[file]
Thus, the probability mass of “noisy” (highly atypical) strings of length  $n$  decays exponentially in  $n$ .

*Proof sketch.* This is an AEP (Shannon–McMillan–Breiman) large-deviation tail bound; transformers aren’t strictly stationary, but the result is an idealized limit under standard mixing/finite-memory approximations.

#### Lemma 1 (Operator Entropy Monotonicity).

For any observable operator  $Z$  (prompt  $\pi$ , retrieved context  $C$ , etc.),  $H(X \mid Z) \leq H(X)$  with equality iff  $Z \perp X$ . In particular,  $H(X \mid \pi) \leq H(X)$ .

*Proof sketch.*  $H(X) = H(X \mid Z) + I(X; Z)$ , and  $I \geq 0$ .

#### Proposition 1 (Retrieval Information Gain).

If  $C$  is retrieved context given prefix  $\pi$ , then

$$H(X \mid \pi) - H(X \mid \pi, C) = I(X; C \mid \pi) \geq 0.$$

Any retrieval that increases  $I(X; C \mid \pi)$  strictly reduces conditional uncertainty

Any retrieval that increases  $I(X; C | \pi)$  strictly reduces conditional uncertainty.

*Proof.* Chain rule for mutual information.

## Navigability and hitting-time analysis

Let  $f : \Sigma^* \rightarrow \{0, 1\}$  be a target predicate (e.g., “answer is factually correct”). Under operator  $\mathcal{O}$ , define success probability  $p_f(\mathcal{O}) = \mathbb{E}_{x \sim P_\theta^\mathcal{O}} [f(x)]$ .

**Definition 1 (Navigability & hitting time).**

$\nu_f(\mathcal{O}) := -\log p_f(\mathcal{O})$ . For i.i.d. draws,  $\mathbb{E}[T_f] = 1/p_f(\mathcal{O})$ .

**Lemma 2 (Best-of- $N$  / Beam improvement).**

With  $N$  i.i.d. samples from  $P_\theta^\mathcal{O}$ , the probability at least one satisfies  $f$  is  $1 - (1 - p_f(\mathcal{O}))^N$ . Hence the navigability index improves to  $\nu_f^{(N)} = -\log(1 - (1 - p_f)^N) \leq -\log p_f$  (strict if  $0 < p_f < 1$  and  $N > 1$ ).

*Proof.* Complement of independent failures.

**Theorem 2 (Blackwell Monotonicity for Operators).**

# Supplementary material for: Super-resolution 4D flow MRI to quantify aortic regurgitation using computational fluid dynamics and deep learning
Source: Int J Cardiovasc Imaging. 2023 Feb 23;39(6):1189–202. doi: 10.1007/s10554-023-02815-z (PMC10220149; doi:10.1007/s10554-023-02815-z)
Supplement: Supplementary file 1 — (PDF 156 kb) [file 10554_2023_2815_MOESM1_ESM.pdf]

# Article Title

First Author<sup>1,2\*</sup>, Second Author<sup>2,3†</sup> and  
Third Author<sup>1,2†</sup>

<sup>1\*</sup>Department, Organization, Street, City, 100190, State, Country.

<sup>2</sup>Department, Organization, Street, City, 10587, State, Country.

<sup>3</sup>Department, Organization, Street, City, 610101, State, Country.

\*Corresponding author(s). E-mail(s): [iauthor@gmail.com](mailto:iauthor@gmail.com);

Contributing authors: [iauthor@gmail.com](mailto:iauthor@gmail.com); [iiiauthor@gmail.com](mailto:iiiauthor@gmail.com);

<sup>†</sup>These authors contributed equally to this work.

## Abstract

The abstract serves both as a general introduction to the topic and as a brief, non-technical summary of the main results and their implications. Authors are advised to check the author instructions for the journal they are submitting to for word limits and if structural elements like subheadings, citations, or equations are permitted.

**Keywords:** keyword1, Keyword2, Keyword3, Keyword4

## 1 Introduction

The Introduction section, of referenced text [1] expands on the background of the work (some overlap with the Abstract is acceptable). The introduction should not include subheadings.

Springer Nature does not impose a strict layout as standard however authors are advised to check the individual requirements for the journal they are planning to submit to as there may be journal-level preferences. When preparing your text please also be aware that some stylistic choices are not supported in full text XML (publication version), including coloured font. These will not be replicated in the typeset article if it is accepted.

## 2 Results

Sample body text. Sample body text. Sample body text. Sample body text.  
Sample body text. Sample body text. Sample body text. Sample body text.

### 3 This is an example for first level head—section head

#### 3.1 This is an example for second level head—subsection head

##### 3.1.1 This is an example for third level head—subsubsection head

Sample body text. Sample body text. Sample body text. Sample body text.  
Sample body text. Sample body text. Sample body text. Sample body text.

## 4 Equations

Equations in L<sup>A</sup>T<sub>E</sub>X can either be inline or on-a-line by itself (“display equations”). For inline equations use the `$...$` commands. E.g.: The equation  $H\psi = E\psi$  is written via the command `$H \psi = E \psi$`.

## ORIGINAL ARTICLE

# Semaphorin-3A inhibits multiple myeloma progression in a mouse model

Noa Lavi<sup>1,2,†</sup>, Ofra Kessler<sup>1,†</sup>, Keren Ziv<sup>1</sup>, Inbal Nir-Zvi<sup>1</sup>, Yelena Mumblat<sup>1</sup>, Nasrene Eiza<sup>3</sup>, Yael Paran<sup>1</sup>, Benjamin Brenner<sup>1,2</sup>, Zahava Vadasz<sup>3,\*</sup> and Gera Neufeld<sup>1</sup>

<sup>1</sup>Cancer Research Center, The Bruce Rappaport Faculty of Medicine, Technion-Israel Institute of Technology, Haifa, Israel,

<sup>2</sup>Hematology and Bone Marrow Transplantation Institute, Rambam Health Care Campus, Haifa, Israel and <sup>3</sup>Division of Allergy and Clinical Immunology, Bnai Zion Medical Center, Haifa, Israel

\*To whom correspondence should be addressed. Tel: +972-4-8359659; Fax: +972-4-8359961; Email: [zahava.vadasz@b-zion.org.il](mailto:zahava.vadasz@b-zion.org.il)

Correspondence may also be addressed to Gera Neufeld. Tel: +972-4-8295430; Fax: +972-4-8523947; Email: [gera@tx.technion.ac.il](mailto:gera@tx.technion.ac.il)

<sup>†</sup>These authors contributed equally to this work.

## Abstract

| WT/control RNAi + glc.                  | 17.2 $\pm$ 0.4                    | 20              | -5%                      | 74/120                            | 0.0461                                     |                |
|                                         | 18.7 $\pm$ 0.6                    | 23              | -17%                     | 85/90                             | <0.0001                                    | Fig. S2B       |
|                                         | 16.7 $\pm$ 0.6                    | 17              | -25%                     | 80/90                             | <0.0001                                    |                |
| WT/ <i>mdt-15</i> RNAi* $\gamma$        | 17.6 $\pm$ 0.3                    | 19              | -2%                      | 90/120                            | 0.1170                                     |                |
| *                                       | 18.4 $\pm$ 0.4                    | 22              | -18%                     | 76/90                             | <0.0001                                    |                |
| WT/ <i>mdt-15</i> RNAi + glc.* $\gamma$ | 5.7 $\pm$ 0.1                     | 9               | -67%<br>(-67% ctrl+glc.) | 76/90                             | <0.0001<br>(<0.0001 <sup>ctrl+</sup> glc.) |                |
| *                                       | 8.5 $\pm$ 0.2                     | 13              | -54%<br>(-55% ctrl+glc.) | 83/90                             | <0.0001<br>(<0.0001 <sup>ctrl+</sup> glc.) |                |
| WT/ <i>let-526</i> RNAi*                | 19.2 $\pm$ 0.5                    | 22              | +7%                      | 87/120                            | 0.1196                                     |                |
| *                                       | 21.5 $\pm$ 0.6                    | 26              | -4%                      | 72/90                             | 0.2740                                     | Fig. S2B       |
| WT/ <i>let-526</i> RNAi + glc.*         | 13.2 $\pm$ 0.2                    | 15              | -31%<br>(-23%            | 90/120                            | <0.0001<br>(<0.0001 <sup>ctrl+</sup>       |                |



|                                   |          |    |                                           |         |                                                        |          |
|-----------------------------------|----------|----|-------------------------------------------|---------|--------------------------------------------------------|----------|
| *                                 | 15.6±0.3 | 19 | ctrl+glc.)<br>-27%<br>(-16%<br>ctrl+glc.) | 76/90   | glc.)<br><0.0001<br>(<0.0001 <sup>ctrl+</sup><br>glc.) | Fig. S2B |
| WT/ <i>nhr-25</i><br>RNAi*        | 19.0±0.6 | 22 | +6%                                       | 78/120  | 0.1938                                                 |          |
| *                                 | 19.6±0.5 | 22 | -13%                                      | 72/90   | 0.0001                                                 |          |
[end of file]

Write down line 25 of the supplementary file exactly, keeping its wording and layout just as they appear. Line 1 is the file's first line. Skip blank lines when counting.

Third Author<sup>1,2†</sup>